Best Florida Beaches: Discover the Perfect Stretch of Sand for Your Tastes
Find the Best Sand & Surf Throughout the Sunshine State
Everyone knows about the dog days of summer, especially if you’ve spent any time in the American South. In early August, the days start to swelter as the mercury climbs, the winds still and humidity so saturates the air that you feel as though you could wring it like a wet towel.
But summer isn’t the only season that tends to overstay its welcome.
When I lived in the Chicago suburbs, I saw how the March cold seemed to slide on interminably, slow as a sleepy snail. The snow had stopped falling, but the chill remained, and the old drifts grew crusty and gray with accumulated grime. And April brought little relief as that tired snow melted to mush before refreezing as the thermometer flirted with the freezing point.
Is it any wonder that this time of year sees an exodus from the Northeast and Midwest to The Sunshine State? True, Florida has a reputation for being something of an — ahem — idiosyncratic state, especially if the exploits of the semi-famous Florida Man are any measure.
But there’s one thing few would dare deny: Florida contains some of the world’s best beaches.
Following you’ll find our guide to the best beaches in Florida. Though not exhaustive, this guide should help you suss out the most suitable spots to enjoy sand and sun in all of the state’s major regions, as well as a few specialty beaches. So without further ado, let’s begin.
Bienvenidos a Miami! (South Florida Beaches)
Will Smith’s music doesn’t seem to have aged anywhere near as well as his films, but his 1998 hit “Miami” pretty much captured the feel of South Florida’s most famous beach:
“Here I am in the place where I come to let go, / Miami, the bass and the sunset low. / Everyday like a Mardi Gras, everybody party all day, / No work, all play, okay.”
You know the area already, right? It’s South Beach (Miami).
Like most sandy stretches in the southern tip of the state, the best time to visit this man-made beach on Florida’s southeastern tip is late winter to early spring — it’s no surprise that this is one of the more popular spring break beaches.
Expect clear or partially cloudy skies and temperatures in the 70s or 80s — not to mention warm water, Art Deco lifeguard stations and lots of Spanish. Miami is, after all, the gateway to Latin America, and the luxury surrounding South Beach draws visitors from all over the world.
When sunburn threatens, stroll down Lincoln Road to spy out the distinctive architecture or go clubbing when night falls. (More on that in the “Nightlife” section below.)
Hollywood Beach and the Boardwalk
Heading north to Broward County, Hollywood Beach and the Boardwalk (Hollywood) offers an Old Florida counterpoint to the ritz and glamour of Miami’s shores. Think of a broad walkway lining a length of golden sand, impromptu and organized concerts, and the splash pads and jungle gyms of Charnow Park that kiddos love.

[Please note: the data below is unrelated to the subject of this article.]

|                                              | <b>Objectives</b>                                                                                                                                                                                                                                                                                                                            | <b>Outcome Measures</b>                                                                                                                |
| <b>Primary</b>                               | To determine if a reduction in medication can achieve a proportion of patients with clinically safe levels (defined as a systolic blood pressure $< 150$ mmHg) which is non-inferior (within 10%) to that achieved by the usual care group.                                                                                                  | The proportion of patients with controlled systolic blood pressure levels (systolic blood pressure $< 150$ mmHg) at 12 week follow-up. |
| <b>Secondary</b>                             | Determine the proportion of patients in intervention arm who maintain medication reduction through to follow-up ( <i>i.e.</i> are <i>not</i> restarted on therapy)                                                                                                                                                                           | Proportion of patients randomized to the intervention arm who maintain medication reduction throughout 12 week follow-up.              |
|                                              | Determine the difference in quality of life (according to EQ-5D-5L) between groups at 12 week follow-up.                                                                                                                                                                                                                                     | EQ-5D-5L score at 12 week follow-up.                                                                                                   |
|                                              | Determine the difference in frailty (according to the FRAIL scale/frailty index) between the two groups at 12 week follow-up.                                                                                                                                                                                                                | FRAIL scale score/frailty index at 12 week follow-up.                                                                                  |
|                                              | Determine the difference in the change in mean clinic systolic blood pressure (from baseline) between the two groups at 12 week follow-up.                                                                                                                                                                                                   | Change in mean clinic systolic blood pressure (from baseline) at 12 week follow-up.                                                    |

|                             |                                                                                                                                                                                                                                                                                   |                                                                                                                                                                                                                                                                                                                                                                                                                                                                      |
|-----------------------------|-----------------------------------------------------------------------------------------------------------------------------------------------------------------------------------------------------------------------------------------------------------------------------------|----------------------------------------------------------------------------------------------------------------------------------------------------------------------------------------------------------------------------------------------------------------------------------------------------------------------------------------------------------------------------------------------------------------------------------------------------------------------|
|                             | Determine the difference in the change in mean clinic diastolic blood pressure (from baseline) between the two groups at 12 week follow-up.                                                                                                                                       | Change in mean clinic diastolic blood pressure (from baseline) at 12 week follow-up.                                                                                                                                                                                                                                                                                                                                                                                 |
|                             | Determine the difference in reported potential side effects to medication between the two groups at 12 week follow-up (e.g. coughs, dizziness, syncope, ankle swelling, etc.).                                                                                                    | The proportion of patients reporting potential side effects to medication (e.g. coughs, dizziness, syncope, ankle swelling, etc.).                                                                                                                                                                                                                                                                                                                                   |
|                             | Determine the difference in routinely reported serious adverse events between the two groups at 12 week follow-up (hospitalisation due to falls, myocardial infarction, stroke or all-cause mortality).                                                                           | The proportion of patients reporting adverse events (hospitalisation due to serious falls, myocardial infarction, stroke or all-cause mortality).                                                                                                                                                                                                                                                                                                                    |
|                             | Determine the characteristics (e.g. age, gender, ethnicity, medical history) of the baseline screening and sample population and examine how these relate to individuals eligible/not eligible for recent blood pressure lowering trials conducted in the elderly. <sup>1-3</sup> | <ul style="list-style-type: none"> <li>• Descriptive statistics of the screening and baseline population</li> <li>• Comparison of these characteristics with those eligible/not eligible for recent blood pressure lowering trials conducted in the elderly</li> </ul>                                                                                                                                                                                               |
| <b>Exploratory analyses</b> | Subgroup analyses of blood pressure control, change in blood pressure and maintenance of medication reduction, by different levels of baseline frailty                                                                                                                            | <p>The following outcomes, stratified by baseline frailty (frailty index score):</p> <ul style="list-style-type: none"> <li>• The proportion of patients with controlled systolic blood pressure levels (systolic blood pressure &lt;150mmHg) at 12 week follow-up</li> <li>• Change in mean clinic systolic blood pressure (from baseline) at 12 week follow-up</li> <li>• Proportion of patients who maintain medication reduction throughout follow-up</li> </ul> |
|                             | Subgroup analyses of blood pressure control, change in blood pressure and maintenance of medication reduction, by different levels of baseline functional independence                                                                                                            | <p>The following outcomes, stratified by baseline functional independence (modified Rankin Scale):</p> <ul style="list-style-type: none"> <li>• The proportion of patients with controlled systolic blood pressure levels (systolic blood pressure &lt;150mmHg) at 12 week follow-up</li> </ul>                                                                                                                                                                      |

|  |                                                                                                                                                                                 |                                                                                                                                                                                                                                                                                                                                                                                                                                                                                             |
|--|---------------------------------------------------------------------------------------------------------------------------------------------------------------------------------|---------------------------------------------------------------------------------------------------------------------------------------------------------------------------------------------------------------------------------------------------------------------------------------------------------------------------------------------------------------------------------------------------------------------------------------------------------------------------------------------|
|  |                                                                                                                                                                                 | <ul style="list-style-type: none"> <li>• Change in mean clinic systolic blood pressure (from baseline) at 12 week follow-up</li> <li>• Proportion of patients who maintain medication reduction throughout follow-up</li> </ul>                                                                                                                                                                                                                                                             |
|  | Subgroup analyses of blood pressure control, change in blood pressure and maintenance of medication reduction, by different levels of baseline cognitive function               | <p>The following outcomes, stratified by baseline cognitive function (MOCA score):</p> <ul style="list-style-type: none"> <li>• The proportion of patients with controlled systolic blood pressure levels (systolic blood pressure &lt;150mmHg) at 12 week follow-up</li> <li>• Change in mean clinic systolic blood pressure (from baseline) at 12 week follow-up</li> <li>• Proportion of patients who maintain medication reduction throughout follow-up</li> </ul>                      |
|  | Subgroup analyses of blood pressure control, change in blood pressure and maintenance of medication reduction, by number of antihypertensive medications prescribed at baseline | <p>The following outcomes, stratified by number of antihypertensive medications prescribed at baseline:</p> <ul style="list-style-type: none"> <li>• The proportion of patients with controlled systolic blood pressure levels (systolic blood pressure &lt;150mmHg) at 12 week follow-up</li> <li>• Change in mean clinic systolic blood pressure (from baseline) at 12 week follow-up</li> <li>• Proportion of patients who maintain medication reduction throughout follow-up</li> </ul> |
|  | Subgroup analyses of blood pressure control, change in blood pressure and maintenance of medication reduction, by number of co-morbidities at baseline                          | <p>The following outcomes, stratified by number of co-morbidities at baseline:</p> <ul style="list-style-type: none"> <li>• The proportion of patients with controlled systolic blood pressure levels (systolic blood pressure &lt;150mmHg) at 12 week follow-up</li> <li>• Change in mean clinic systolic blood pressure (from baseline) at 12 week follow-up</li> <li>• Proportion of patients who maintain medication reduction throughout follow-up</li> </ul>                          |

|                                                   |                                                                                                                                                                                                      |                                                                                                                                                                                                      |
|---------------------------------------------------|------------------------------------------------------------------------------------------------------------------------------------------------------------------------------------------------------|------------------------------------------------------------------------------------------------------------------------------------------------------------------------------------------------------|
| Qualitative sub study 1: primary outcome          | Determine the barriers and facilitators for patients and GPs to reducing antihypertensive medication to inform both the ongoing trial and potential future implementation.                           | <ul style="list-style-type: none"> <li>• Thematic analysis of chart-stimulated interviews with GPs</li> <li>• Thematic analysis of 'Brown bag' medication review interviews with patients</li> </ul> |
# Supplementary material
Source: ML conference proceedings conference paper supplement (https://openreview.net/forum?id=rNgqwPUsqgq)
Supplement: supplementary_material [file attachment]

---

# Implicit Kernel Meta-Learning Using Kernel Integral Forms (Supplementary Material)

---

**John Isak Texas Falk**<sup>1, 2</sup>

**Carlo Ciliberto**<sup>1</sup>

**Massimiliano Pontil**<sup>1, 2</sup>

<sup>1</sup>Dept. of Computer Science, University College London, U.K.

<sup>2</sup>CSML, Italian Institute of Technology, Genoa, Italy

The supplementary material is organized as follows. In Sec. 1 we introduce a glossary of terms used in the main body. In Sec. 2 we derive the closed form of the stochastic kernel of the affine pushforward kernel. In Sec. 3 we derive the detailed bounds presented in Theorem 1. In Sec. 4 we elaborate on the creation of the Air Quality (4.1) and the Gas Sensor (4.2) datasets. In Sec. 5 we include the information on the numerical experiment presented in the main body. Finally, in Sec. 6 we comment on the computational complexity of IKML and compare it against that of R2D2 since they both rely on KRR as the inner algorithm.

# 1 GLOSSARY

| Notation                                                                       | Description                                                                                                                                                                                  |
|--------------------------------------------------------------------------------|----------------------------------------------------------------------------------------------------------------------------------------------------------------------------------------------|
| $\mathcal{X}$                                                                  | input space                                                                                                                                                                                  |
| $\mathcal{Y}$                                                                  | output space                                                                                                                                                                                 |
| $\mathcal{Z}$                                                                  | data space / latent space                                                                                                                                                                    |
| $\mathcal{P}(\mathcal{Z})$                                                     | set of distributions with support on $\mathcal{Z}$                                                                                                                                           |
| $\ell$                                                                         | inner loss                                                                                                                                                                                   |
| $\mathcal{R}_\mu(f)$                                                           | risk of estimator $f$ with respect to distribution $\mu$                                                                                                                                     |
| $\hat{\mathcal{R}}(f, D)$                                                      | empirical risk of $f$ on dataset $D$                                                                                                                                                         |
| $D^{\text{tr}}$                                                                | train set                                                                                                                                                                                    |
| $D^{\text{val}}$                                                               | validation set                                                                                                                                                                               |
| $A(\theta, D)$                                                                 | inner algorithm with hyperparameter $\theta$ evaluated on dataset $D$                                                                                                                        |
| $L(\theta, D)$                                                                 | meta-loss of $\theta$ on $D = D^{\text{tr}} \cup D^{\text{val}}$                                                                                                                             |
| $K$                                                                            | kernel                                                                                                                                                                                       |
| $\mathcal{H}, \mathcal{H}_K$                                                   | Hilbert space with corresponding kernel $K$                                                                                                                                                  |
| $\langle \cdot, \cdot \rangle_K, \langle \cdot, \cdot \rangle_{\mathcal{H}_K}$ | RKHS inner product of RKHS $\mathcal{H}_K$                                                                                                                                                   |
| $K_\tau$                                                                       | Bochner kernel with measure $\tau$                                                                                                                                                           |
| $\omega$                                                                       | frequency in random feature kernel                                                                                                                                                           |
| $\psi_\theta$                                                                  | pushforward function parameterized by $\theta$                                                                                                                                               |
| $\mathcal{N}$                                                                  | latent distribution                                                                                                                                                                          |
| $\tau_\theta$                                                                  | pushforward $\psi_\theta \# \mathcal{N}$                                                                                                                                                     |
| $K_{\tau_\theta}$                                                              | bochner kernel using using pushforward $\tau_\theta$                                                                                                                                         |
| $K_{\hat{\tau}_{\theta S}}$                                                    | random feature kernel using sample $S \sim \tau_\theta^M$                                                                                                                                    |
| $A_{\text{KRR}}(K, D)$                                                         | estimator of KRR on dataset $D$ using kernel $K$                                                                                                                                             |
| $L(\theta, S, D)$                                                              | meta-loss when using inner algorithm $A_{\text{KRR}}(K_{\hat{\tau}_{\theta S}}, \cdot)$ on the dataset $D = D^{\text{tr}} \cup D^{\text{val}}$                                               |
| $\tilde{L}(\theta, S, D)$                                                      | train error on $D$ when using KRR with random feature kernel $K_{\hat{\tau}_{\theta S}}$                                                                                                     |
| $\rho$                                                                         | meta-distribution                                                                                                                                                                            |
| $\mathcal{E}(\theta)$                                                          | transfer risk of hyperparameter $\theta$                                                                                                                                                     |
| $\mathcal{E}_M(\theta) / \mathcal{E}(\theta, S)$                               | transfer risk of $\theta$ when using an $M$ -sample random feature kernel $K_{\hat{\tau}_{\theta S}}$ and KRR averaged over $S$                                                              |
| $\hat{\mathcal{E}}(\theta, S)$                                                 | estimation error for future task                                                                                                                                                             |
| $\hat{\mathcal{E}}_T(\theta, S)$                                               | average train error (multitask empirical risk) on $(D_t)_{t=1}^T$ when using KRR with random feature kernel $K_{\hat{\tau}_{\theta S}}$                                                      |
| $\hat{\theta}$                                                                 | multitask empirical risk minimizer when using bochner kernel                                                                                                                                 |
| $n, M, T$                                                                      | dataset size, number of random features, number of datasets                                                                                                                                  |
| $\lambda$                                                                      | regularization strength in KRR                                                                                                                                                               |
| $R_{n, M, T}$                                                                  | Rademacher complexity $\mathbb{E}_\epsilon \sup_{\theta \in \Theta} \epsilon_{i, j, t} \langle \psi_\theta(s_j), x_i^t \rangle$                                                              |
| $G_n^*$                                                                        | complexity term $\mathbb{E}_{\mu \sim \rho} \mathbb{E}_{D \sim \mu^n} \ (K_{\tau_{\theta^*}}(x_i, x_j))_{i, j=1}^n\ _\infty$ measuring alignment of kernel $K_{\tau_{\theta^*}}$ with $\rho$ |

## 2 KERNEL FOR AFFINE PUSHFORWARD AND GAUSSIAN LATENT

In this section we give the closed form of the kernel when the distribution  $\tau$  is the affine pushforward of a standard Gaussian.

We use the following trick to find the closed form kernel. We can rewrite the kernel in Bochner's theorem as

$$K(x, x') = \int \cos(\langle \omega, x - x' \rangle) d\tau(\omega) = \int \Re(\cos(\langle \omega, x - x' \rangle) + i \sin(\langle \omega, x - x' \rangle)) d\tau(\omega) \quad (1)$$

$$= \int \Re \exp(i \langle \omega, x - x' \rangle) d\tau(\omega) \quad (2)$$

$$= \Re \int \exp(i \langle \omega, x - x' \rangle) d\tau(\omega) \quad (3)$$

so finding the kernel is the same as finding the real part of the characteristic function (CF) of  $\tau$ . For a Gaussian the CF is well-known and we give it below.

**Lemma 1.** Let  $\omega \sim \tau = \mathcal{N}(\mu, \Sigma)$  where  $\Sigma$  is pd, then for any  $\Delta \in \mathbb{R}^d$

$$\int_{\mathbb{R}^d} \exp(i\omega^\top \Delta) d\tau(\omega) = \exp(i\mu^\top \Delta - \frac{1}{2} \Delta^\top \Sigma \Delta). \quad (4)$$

Buy an ice cream, watch a free show at The Hollywood Beach Theater, and head west a mere 10 minutes to reach the downtown area with its 50s-era eateries and high-end shops.
Red Reef Park
Located in Palm Beach County, Red Reef Park (Boca Raton) offers easy ecotourism. A favorite of surfers, snorkelers and divers, the oceanfront area offers all sorts of watery enjoyment. Framed by sea grape-swathed ridges, the beach boasts lifeguards year-round.
Worthwhile diversions include digging for shark’s teeth, swimming around the man-made reef and walking across the street to the Gumbo Limbo Environmental Complex. This family-friendly nature center lets visitors peer at sea turtles (some of them mind-bogglingly giant) that are being rehabbed after recent injuries.
There’s more than just a pristine stretch of sand in Hobe Sound. Visit the Blowing Rocks Preserve — at high tide, water is forced through holes in the rocks and shoots up to 50 feet high. It’s a sight you aren’t likely to see anywhere else!
Hobe Sound National Wildlife Refuge is also located nearby. Sea turtles love nesting here, but the refuge is also home to bobcats, manatees, royal terns, snowy egrets, gopher tortoises and southern black racers.
Photo Credit: Getty Images
Bigger and Better for Families (Central Florida Beaches)
Most people probably think of NASCAR when considering Daytona Beach (Daytona Beach), forgetting that its 23 miles of beachfront have been the main draw long before drivers began buzzing around a concrete loop in 1959.
More than 8 million visitors flock to its shores annually for the sun, the surf and (in a big plus for families) its regular lifeguard patrols. Outfitters galore hawk adventurous experiences such as parasailing, jet skiing and waverunning, and snorkeling.
The boardwalk seems to nod toward a bygone era with a lit Ferris wheel, arcades filled with Skee-Ball as well as more modern video games, and vendors frying fresh funnel cakes and plying ice cream.
Daytona Lagoon combines a water park with laser tag, mini golf, rock climbing and a go-kart track. Or consider renting a bike and simply peddling down the beach
North New Smyrna Beach
A fun and somewhat surprising fact: you’re almost as likely to run into cars on North New Smyrna Beach (New Smyrna) as you are people. Forget about building sand castles, too. The sand here is so tightly packed that it easily bears the weight of passenger vehicles.
But aside from a few intrepid beach combers, most of the action here is out on the waves. Most of Florida doesn’t have a reputation for great surfing, yet New Smyrna Beach regularly lands on top surf lists.
You’ll get waves here, and nearby Ponce Inlet often hosts national surfing competitions. You’re also not far from Canaveral National Seashore, a 57,000-acre refuge where visitors can watch sea turtles lay eggs in June and July.
Continuing the Central Florida theme of “the busier, the better,” Cocoa Beach is an area beloved by both tourists and Orlando locals. The beaches on this sliver of barrier island find themselves thronged with sun worshipers all throughout the year and particularly in March and April.